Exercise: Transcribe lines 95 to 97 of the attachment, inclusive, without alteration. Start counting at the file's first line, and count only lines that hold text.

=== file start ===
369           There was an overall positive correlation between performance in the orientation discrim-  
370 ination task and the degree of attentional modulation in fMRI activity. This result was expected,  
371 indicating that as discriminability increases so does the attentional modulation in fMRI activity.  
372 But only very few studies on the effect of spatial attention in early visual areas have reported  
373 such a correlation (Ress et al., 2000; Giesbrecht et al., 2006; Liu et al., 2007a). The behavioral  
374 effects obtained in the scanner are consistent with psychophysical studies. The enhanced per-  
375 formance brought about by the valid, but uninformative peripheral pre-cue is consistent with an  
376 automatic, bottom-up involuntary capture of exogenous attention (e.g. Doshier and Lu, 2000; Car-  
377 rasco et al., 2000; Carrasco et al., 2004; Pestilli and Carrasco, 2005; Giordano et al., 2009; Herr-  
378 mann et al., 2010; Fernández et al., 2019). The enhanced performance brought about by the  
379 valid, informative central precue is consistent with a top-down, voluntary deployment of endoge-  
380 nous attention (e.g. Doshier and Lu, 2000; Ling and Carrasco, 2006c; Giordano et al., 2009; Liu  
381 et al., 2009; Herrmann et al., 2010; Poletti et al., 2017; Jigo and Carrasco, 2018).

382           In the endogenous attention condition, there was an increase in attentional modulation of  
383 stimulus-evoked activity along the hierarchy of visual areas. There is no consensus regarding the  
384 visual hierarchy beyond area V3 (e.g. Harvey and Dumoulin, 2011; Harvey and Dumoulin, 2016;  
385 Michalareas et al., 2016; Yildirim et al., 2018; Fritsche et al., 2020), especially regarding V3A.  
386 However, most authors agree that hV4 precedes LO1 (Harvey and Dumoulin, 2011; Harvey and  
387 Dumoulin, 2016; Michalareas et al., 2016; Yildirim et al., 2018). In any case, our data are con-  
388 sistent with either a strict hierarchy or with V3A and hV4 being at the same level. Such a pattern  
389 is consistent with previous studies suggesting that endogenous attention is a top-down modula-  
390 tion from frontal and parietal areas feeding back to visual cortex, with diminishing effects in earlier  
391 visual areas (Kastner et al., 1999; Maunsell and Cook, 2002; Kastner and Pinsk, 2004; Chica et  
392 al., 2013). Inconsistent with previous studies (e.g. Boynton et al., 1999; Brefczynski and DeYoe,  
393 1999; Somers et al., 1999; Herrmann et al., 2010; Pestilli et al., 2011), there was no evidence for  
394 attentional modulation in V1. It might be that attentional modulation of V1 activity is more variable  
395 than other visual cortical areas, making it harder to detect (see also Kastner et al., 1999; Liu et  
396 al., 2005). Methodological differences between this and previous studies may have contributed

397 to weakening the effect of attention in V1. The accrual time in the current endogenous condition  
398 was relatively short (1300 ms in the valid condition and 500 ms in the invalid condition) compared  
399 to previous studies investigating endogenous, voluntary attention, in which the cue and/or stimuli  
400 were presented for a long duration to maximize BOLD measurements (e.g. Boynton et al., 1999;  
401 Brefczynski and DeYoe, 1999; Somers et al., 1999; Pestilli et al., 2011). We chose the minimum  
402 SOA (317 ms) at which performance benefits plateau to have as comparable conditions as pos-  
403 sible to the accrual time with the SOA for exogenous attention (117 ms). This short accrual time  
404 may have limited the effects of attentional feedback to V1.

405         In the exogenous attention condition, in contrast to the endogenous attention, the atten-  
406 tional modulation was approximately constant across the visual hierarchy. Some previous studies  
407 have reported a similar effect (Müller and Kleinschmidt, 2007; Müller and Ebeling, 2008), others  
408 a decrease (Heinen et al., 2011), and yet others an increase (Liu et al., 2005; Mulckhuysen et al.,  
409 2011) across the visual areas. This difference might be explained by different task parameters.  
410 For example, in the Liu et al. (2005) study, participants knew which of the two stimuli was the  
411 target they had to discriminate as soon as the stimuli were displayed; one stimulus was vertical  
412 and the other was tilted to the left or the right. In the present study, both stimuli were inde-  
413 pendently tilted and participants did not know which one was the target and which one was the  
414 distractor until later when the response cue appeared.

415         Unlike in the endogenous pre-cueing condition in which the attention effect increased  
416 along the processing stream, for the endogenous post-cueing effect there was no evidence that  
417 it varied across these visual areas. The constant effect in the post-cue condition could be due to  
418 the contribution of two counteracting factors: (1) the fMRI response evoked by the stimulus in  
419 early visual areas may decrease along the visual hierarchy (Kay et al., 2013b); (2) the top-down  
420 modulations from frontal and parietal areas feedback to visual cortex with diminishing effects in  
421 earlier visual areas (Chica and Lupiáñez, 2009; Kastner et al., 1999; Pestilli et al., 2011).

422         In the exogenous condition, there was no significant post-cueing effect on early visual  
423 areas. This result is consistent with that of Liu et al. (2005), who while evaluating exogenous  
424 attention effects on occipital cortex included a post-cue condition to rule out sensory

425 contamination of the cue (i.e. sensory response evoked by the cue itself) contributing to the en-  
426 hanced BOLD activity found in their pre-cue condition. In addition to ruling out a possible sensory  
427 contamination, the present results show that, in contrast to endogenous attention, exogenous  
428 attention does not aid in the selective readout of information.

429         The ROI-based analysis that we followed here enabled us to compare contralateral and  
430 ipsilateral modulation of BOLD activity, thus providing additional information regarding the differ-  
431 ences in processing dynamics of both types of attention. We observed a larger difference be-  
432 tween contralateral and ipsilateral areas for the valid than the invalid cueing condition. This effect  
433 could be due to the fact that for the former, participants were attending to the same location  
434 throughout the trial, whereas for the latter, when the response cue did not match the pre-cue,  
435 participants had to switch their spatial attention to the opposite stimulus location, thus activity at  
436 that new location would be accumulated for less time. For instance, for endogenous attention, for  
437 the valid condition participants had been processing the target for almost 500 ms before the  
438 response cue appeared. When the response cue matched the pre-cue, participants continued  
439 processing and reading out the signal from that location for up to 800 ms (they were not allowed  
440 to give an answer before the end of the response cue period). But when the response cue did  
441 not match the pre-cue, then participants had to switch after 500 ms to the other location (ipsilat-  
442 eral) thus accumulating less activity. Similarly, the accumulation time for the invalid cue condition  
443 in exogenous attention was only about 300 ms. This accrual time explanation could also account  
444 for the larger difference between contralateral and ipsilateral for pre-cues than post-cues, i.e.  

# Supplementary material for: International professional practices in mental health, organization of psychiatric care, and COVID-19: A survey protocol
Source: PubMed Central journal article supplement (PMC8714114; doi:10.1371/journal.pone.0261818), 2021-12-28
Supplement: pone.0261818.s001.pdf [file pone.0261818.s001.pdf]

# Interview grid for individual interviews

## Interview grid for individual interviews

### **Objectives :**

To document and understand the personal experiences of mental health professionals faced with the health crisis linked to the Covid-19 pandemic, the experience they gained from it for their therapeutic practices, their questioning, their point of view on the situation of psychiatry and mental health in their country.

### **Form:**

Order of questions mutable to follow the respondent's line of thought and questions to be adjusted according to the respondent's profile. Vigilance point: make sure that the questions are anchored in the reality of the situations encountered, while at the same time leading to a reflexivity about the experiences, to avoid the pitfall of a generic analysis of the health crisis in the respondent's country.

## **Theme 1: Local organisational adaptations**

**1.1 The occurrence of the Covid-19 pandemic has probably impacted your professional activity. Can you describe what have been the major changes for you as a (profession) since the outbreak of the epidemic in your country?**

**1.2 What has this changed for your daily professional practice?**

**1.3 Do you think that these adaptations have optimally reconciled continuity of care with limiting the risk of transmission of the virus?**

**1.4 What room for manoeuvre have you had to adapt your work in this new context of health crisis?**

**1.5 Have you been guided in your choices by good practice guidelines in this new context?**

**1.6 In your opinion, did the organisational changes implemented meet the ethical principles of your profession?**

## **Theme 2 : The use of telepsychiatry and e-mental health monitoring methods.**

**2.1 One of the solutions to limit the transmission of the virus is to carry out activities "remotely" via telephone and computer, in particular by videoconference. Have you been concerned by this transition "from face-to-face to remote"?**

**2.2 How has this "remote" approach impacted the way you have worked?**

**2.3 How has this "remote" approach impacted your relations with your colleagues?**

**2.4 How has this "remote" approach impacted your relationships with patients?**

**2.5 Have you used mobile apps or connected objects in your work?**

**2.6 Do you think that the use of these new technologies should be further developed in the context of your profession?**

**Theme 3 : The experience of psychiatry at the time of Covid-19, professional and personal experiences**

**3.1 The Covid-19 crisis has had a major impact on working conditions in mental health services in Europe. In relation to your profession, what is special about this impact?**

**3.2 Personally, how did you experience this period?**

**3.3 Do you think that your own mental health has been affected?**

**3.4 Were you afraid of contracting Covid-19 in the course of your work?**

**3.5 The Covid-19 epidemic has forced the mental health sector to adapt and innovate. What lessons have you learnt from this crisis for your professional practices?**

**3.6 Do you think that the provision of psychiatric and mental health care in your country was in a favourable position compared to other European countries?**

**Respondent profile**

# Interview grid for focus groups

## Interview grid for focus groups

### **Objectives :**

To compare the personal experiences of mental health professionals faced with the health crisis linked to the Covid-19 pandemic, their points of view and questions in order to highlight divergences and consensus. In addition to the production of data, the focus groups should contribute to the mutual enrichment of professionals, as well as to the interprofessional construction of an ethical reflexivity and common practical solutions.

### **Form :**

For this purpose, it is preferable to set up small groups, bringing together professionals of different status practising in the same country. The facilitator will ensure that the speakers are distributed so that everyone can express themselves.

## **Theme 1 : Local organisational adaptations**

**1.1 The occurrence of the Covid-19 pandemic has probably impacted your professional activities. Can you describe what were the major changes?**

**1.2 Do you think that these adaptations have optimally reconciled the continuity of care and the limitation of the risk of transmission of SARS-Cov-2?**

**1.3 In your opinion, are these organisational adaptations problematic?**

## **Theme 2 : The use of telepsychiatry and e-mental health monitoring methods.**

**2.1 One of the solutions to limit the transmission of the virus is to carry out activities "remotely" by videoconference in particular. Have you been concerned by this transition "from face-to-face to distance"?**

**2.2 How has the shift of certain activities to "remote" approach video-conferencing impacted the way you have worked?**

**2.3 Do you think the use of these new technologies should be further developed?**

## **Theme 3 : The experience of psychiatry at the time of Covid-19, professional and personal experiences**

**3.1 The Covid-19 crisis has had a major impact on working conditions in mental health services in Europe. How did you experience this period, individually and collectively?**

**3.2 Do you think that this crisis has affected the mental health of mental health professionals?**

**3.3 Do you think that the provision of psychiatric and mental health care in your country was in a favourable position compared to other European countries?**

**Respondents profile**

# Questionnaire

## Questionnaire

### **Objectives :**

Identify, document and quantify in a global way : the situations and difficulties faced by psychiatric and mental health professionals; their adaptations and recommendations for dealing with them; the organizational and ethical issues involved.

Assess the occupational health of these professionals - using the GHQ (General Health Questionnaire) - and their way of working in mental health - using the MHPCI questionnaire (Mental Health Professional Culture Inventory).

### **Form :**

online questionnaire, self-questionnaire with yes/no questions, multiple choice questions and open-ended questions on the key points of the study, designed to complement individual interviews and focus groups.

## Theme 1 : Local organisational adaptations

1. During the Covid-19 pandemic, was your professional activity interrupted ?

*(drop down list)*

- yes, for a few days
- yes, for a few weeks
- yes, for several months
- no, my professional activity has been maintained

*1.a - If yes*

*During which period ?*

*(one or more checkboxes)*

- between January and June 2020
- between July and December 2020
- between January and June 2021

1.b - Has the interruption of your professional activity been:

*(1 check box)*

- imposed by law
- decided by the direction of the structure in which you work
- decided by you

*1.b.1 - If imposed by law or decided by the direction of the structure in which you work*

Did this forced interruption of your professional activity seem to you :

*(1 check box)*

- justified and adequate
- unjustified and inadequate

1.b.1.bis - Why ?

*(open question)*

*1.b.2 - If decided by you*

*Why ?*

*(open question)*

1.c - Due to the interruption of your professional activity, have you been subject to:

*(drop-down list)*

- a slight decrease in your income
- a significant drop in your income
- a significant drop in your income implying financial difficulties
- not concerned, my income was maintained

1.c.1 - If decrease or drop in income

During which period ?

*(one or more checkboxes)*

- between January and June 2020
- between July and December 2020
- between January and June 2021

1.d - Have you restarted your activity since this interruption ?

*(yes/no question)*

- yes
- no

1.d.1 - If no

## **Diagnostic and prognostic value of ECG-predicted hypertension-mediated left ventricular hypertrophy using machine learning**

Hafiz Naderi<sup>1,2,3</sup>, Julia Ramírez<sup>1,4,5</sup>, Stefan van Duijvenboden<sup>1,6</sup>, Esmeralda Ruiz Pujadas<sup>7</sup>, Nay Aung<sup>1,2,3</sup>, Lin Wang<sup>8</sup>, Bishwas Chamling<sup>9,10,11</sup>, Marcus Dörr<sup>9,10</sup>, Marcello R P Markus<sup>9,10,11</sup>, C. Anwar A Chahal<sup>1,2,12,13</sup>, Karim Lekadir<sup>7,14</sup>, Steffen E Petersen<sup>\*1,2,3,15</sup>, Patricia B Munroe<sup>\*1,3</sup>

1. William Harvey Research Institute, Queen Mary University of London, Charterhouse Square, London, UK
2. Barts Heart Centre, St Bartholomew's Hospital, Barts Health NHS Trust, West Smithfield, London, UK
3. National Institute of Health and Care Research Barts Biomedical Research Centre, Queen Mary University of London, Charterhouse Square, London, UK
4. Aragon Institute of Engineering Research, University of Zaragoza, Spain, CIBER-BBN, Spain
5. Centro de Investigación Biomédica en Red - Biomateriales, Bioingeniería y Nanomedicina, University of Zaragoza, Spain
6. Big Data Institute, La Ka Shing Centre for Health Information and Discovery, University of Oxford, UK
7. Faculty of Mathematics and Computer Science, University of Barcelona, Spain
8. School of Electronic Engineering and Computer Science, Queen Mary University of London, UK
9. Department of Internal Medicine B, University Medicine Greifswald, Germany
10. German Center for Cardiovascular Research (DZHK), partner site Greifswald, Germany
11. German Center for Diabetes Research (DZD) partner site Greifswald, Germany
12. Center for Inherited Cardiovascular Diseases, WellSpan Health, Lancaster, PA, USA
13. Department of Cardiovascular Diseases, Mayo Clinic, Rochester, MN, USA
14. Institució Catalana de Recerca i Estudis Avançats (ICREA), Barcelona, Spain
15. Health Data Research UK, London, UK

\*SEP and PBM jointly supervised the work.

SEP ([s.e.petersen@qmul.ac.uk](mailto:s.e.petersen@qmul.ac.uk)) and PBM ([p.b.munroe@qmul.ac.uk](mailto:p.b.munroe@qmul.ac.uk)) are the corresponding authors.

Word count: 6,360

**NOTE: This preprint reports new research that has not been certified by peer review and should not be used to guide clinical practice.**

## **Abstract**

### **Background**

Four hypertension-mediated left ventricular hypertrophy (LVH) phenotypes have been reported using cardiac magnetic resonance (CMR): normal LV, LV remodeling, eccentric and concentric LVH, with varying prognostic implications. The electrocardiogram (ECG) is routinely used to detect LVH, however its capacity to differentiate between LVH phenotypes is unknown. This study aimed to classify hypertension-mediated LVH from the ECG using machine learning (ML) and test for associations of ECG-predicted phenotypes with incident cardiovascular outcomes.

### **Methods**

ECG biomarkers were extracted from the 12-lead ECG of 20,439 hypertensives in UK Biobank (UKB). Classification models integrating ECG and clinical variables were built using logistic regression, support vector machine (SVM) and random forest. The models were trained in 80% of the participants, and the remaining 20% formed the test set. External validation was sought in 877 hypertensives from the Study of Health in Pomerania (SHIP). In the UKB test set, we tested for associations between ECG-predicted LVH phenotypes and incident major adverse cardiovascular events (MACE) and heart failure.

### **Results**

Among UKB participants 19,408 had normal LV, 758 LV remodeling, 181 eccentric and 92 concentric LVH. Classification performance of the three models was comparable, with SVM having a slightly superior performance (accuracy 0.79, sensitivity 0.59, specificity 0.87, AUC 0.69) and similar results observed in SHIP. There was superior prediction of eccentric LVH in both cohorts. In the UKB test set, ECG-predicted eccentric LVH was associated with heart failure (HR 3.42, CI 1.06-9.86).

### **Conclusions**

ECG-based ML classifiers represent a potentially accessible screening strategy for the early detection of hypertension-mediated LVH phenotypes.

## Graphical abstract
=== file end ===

**2.2 How has this "remote" approach impacted the way you have worked?**

**2.3 How has this "remote" approach impacted your relations with your colleagues?**

**2.4 How has this "remote" approach impacted your relationships with patients?**